The fun and creative classroom I was assigned for the presentation ( right ) 

The fun and creative classroom I was assigned for the presentation ( right ) 

some of the collected feedback

some of the collected feedback

Snippets from what students liked about fair

Snippets from what students liked about fair

This is not to say that the parents themselves had not undergone similar pressure back then;  but it’s considerably different I think.

I mean, think about it.  Since their early years, students now undergo not only regular school tests; but other International standard tests; IBT, ISA, PISA.. etc. They are great tools that tell you where you stand amongst your school, regional and International peers. And then some more tests like CAT;  the Cognitive Abilities Test which defines the learning methods you are more receptive to and even what grades you are likely achieving now and “ if challenged”.

Add to that, almost every school has a higher education counselor, holds college/career fairs, brings in professional and motivational speakers ..etc;  the list goes on.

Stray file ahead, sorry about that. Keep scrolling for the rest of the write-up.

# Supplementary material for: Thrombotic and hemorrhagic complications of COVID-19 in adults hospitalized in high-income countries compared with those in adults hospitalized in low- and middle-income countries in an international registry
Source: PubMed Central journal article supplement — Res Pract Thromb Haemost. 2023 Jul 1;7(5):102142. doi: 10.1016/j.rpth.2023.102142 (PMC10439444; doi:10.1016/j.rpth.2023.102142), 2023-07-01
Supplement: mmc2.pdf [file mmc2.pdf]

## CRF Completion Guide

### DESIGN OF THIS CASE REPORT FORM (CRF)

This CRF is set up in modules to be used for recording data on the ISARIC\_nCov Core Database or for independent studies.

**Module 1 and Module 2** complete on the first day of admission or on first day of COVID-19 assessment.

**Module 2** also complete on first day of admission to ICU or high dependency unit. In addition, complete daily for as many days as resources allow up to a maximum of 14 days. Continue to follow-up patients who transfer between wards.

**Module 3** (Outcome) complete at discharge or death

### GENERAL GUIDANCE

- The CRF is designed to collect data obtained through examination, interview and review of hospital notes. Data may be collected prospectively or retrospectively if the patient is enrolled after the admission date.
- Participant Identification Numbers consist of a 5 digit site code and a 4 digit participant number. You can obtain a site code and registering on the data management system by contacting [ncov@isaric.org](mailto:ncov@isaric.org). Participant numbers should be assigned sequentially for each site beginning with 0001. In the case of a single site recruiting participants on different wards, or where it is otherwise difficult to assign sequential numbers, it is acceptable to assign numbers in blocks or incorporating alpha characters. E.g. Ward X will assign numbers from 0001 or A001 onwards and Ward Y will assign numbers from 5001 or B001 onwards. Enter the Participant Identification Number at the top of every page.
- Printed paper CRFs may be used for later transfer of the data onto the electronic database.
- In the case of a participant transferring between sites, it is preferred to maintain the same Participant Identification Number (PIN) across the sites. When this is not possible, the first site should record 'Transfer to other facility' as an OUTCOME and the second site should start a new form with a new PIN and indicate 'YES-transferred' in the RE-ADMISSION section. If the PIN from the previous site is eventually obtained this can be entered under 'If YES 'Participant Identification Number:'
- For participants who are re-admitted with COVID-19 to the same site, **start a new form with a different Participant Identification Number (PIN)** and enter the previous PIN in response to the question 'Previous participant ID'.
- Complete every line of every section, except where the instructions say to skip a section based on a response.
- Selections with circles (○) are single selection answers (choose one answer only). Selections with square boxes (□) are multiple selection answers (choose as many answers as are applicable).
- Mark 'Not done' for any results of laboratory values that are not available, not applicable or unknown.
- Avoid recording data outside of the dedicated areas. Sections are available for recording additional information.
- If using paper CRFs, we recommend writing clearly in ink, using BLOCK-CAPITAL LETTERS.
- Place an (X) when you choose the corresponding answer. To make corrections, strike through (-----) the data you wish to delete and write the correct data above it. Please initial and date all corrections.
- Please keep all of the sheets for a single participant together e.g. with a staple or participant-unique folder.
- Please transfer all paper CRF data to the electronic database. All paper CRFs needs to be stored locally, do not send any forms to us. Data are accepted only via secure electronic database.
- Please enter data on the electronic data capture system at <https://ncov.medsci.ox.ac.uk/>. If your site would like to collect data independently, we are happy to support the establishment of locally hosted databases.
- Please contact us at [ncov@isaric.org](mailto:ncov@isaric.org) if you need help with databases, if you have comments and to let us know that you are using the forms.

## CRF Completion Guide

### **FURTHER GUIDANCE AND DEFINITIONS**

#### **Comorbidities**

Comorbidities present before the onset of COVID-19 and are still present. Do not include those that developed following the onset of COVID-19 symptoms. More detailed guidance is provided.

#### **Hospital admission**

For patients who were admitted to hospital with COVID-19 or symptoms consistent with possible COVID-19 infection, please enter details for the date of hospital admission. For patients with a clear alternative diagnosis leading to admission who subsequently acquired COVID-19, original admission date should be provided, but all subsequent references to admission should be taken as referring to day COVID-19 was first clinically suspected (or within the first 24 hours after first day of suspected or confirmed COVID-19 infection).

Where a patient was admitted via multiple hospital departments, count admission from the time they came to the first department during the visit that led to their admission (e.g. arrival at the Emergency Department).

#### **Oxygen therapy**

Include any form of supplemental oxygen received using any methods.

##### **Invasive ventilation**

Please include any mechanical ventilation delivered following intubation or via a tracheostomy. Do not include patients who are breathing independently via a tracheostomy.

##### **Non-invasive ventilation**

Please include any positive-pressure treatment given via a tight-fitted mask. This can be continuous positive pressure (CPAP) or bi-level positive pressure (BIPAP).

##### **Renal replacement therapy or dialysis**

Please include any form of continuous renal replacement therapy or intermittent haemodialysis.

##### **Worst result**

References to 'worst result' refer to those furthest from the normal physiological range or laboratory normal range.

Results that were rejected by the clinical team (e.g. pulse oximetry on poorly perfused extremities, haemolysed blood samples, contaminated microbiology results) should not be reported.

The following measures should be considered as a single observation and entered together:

Some parents feel this is not enough and take it a step further; scatter college applications around the house;  “drop by” colleges while on family holidays; all unplanned, of course.  

Oh look! What a nice looking college.  let’s see that they have inside, shall we?

We don’t retweet much but when Bill Gates lately tweeted advice to college grads; good parents pass it on, I just did. 

So have you decided

 

I’ll be honest here; on career day I did set out with the “How lucky are they?” state of mind before I even got to school.

And yes I DO still see the advantages, privileges and open access to the great resources they have at hand.  But I also see that by offering them these; most parents expect them to be more decisive, much sooner than later.

We should all remember that even if ten career tests tell  you will be brilliant in the medical field; if there’s no fire in your belly for it; you’re not going there.  Ken Robinson talked about  "the element" as not only the natural aptitude to do things well but to have the desire and passion to do them well. 

And so what I'm saying is; in this overwhelming age;  remind them that they are not heading for doom or failure if they still don't know.  Finding that passion and drive will take more than a few tests and for some, a little or a lot more time. People are allowed to change their mind in college or work…. repeatedly.


Let Me Entertain You.